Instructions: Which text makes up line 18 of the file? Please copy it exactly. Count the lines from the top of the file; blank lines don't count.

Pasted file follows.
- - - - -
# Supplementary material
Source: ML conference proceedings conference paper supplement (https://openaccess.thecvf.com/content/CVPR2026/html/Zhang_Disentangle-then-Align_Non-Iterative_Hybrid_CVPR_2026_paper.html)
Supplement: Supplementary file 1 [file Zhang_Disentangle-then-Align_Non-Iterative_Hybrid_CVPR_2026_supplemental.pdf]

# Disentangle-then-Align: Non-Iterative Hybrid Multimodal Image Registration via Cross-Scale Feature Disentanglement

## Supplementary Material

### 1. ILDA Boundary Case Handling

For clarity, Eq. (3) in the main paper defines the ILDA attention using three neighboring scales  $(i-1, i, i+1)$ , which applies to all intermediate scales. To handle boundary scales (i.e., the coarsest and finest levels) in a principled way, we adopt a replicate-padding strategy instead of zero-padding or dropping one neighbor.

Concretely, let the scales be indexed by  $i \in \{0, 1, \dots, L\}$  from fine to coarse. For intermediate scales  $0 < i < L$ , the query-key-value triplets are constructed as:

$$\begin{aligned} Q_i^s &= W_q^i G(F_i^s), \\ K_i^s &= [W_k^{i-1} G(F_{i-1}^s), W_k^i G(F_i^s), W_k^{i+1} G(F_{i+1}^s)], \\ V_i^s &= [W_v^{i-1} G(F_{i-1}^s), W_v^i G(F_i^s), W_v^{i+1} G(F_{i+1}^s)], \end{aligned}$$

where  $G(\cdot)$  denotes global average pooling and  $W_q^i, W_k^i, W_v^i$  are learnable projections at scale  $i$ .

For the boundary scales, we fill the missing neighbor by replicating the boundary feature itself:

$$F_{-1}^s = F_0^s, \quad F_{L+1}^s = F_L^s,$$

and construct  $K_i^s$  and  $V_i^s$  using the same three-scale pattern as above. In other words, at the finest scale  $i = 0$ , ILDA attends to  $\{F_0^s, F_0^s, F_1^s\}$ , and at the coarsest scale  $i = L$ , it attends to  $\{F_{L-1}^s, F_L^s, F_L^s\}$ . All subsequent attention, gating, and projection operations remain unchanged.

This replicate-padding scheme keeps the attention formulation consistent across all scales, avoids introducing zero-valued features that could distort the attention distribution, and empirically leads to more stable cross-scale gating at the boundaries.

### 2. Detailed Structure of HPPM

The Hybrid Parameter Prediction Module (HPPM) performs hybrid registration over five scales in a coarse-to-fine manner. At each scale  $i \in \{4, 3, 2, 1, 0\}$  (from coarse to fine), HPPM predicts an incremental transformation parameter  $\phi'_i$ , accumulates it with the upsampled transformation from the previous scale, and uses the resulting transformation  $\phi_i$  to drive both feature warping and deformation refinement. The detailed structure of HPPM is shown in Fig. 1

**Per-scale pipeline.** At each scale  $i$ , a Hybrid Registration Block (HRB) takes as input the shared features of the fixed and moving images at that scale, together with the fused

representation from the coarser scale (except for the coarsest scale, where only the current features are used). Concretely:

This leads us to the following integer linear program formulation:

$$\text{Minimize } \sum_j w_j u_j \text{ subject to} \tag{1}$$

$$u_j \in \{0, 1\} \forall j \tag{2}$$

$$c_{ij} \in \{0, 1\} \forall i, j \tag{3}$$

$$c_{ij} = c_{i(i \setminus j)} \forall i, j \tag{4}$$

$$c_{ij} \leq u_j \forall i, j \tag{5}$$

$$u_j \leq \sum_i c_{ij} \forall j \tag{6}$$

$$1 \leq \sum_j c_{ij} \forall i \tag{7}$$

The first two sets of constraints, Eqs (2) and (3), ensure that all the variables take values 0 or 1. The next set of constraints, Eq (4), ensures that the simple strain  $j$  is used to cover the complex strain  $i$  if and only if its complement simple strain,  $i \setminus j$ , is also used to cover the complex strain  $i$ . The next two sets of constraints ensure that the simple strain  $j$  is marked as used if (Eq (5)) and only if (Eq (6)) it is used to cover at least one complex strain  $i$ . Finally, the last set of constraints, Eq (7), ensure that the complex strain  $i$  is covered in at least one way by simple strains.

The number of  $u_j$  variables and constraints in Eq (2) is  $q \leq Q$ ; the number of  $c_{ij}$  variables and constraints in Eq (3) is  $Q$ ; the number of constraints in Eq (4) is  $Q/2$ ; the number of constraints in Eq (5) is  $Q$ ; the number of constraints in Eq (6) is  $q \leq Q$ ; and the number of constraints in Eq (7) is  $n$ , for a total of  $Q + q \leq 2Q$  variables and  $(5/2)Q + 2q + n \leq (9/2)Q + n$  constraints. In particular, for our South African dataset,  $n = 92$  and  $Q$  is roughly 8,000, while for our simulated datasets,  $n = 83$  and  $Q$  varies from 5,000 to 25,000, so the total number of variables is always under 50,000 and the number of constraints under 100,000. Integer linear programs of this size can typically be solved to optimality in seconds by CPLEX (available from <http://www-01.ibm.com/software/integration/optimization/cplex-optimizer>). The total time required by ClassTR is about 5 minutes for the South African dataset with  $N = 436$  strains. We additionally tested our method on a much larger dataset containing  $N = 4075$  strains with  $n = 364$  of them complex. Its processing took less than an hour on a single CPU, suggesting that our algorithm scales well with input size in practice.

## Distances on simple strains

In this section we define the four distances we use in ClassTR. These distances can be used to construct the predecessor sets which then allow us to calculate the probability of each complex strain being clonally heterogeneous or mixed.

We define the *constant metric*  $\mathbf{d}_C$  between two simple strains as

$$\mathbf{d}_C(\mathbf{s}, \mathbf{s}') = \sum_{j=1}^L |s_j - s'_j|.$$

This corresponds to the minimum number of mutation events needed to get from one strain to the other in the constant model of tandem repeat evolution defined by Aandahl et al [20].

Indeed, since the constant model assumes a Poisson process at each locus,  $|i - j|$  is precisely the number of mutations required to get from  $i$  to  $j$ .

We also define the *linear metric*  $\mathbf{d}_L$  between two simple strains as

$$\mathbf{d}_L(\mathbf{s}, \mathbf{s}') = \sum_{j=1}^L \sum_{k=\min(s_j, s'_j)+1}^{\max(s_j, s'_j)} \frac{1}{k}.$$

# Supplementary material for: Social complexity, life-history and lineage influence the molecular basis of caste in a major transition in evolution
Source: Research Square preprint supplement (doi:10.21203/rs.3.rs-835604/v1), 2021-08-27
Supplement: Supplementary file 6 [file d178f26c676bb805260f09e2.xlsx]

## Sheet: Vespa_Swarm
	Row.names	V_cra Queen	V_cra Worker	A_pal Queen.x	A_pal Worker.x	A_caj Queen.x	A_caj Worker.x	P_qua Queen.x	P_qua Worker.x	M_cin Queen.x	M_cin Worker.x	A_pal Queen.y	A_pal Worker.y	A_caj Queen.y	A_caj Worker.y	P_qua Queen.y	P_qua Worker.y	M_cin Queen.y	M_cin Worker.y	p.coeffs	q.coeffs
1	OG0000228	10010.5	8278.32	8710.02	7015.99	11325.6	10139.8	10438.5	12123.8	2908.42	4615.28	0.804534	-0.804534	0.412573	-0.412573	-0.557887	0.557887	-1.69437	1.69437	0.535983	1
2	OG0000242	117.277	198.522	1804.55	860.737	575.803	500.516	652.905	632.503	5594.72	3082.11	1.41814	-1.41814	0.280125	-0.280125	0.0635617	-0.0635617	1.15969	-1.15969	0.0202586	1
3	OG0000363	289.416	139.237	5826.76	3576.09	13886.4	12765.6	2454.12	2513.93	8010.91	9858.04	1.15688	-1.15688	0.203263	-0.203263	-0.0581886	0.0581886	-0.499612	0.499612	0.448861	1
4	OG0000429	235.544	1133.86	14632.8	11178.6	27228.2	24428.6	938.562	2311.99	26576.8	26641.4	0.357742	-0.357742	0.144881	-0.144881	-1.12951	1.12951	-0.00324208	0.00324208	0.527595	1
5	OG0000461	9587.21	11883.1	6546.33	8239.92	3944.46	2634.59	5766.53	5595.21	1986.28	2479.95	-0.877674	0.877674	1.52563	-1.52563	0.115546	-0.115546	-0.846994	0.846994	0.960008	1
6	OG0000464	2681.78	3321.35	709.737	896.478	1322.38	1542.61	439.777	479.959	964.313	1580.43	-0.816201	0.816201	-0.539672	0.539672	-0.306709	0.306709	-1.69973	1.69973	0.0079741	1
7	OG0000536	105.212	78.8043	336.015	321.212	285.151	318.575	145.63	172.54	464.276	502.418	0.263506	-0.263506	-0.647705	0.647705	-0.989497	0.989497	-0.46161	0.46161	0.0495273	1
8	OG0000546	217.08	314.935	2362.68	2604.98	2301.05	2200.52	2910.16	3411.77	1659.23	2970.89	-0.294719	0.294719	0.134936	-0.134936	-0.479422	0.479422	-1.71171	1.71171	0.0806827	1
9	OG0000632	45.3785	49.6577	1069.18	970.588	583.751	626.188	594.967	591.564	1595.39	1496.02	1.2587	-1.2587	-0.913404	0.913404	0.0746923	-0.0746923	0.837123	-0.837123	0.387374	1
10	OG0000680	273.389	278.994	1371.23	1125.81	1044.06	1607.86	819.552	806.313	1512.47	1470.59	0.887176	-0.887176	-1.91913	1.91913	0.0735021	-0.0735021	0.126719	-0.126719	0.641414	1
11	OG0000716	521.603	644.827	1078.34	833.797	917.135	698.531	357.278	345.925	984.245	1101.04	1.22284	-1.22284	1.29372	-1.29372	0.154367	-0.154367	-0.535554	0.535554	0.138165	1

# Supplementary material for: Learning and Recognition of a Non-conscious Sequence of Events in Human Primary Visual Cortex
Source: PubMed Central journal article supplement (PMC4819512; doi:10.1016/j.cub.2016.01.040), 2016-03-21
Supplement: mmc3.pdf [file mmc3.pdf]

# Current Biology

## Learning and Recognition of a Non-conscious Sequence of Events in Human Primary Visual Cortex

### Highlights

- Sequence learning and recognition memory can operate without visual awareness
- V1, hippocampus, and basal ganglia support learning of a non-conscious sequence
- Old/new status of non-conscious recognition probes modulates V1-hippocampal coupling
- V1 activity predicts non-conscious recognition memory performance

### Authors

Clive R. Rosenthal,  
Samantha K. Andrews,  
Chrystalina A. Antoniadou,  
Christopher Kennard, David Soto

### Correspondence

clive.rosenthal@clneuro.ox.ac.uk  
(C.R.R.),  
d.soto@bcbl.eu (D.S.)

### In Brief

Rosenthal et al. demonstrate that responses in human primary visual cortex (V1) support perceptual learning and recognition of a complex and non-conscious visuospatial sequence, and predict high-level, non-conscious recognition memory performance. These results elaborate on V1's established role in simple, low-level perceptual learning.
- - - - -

representation from the coarser scale (except for the coarsest scale, where only the current features are used). Concretely: